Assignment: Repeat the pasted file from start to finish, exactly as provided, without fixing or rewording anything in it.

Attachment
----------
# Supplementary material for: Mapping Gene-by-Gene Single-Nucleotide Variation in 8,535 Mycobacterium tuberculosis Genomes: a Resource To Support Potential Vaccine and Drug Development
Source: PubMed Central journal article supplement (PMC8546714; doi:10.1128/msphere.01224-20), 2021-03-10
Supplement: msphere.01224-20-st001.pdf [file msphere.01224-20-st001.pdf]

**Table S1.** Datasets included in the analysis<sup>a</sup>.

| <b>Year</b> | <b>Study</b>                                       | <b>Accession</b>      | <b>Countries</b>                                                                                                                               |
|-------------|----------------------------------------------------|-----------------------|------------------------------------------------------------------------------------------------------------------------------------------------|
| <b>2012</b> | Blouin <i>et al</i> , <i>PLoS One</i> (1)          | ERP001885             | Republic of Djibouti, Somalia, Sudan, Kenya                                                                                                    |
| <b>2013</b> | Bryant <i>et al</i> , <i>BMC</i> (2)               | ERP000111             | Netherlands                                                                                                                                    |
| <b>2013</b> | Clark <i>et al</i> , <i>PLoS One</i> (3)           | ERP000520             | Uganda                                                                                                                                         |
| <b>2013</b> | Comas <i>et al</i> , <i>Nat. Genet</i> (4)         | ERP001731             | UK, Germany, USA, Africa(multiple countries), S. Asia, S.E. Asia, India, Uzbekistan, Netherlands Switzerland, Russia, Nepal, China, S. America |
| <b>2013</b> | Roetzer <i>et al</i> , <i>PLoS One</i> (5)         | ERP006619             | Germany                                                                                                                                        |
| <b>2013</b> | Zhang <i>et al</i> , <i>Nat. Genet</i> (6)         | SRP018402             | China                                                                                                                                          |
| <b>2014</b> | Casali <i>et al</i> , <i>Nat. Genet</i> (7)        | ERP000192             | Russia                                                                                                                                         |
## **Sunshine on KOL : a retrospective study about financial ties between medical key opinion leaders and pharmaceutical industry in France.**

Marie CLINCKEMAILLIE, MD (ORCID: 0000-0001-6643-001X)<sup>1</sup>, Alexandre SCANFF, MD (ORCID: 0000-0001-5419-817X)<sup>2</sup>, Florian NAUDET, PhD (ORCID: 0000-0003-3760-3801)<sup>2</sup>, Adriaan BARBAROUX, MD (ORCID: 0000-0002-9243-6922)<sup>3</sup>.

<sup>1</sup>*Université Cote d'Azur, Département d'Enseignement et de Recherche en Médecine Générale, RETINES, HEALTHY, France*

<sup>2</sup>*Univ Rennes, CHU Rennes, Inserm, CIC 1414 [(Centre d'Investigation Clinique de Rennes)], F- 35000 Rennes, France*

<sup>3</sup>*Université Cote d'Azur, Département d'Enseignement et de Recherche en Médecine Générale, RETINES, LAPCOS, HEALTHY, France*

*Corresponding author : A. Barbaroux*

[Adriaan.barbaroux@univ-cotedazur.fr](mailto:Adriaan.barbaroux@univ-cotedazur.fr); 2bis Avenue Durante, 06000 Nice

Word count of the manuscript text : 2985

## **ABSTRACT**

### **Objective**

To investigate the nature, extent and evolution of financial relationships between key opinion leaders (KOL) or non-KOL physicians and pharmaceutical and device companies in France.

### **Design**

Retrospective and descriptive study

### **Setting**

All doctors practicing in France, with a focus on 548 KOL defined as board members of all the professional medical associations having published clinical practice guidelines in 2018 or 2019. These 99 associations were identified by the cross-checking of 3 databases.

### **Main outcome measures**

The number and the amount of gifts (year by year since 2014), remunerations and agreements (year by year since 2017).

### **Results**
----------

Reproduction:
# Supplementary material for: Mapping Gene-by-Gene Single-Nucleotide Variation in 8,535 Mycobacterium tuberculosis Genomes: a Resource To Support Potential Vaccine and Drug Development
Source: PubMed Central journal article supplement (PMC8546714; doi:10.1128/msphere.01224-20), 2021-03-10
Supplement: msphere.01224-20-st001.pdf [file msphere.01224-20-st001.pdf]

**Table S1.** Datasets included in the analysis<sup>a</sup>.

| <b>Year</b> | <b>Study</b>                                       | <b>Accession</b>      | <b>Countries</b>                                                                                                                               |
|-------------|----------------------------------------------------|-----------------------|------------------------------------------------------------------------------------------------------------------------------------------------|
| <b>2012</b> | Blouin <i>et al</i> , <i>PLoS One</i> (1)          | ERP001885             | Republic of Djibouti, Somalia, Sudan, Kenya                                                                                                    |
| <b>2013</b> | Bryant <i>et al</i> , <i>BMC</i> (2)               | ERP000111             | Netherlands                                                                                                                                    |
| <b>2013</b> | Clark <i>et al</i> , <i>PLoS One</i> (3)           | ERP000520             | Uganda                                                                                                                                         |
| <b>2013</b> | Comas <i>et al</i> , <i>Nat. Genet</i> (4)         | ERP001731             | UK, Germany, USA, Africa(multiple countries), S. Asia, S.E. Asia, India, Uzbekistan, Netherlands Switzerland, Russia, Nepal, China, S. America |
| <b>2013</b> | Roetzer <i>et al</i> , <i>PLoS One</i> (5)         | ERP006619             | Germany                                                                                                                                        |
| <b>2013</b> | Zhang <i>et al</i> , <i>Nat. Genet</i> (6)         | SRP018402             | China                                                                                                                                          |
| <b>2014</b> | Casali <i>et al</i> , <i>Nat. Genet</i> (7)        | ERP000192             | Russia                                                                                                                                         |
## **Sunshine on KOL : a retrospective study about financial ties between medical key opinion leaders and pharmaceutical industry in France.**

Marie CLINCKEMAILLIE, MD (ORCID: 0000-0001-6643-001X)<sup>1</sup>, Alexandre SCANFF, MD (ORCID: 0000-0001-5419-817X)<sup>2</sup>, Florian NAUDET, PhD (ORCID: 0000-0003-3760-3801)<sup>2</sup>, Adriaan BARBAROUX, MD (ORCID: 0000-0002-9243-6922)<sup>3</sup>.

<sup>1</sup>*Université Cote d'Azur, Département d'Enseignement et de Recherche en Médecine Générale, RETINES, HEALTHY, France*

<sup>2</sup>*Univ Rennes, CHU Rennes, Inserm, CIC 1414 [(Centre d'Investigation Clinique de Rennes)], F- 35000 Rennes, France*

<sup>3</sup>*Université Cote d'Azur, Département d'Enseignement et de Recherche en Médecine Générale, RETINES, LAPCOS, HEALTHY, France*

*Corresponding author : A. Barbaroux*

[Adriaan.barbaroux@univ-cotedazur.fr](mailto:Adriaan.barbaroux@univ-cotedazur.fr); 2bis Avenue Durante, 06000 Nice

Word count of the manuscript text : 2985

## **ABSTRACT**

### **Objective**

To investigate the nature, extent and evolution of financial relationships between key opinion leaders (KOL) or non-KOL physicians and pharmaceutical and device companies in France.

### **Design**

Retrospective and descriptive study

### **Setting**

All doctors practicing in France, with a focus on 548 KOL defined as board members of all the professional medical associations having published clinical practice guidelines in 2018 or 2019. These 99 associations were identified by the cross-checking of 3 databases.

### **Main outcome measures**

The number and the amount of gifts (year by year since 2014), remunerations and agreements (year by year since 2017).

### **Results**